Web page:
Levi Strauss & Co. posted first-quarter earnings and revenue that beat expectations. The company marketed more expensive jeans and t-shirts directly to customers.
Levi reiterated its fiscal 2022 outlook, assuming no severe worsening of inflation or global economic downturn.
Consumers have yet to switch to cheaper clothing, according to Levi CEO Chip Bergh.
Sales of higher-priced jeans and T-shirts, frequently straight to customers, helped Levi Strauss & Co. beat analysts’ expectations on Tuesday.
Levi also reiterated its fiscal 2022 outlook, assuming no severe worsening of inflation or global economic downturn. It factored in the recent decision to temporarily cease business in Russia, which accounts for around 2% of total sales.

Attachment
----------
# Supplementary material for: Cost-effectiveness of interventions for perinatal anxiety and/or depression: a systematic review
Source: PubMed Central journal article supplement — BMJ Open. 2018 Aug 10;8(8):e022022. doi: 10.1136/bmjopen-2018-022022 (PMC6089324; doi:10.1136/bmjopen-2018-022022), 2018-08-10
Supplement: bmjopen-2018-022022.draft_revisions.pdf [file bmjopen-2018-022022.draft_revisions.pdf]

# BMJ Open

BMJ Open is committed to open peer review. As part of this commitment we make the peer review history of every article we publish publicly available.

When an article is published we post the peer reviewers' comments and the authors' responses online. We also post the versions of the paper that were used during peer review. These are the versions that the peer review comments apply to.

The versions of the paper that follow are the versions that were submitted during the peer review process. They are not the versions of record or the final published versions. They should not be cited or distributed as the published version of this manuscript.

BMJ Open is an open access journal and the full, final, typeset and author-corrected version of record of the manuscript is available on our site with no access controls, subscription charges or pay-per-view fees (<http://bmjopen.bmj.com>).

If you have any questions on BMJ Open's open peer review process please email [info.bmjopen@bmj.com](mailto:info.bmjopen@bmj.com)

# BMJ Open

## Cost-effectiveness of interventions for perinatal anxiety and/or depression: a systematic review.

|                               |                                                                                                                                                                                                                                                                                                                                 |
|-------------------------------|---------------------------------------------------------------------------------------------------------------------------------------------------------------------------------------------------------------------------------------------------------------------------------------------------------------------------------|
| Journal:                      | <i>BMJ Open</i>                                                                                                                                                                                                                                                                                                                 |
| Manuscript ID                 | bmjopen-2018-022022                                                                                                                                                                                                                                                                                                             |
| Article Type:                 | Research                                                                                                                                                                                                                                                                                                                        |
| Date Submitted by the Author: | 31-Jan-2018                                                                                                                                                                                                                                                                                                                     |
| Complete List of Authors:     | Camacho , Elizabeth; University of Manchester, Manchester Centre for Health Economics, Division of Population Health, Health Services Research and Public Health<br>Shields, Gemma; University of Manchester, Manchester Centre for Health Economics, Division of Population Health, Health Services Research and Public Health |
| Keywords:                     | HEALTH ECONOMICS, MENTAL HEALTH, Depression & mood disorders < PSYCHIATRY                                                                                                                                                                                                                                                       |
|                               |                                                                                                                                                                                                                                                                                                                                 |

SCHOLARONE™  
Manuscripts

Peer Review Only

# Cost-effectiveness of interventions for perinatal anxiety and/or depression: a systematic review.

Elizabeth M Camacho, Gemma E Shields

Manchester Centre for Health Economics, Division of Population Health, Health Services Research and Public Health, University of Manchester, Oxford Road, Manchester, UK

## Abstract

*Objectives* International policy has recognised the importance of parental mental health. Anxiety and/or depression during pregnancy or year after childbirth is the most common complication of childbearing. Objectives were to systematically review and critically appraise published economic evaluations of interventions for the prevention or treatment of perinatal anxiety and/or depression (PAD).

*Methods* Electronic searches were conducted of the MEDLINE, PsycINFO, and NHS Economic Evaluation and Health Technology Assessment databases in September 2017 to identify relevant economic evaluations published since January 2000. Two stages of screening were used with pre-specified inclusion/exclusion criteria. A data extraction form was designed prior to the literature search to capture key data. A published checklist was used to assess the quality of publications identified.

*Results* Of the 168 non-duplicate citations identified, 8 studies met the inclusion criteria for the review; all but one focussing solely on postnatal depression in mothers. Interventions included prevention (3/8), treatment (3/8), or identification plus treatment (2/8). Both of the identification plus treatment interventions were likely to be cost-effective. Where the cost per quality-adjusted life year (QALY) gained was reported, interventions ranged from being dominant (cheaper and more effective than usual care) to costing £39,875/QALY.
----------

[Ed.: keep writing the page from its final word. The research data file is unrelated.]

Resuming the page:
Despite rising gas and grocery prices, Levi CEO Chip Bergh told CNBC that buyers haven’t switched to cheaper clothing. Consumer demand has remained high despite the company raising prices on some items to balance other business expenses, he noted.
Bergh said Levi is keeping a close eye on consumer demand, knowing economists are predicting a recession. “We’re not burying our heads,” the CEO remarked. “We will intervene if we detect a decline in demand.”
After a day of losses, Levi shares gained around 1.5% in extended trading.
According to Refinitiv’s survey of analysts, Levi outperformed Wall Street expectations for the three months ending Feb. 27.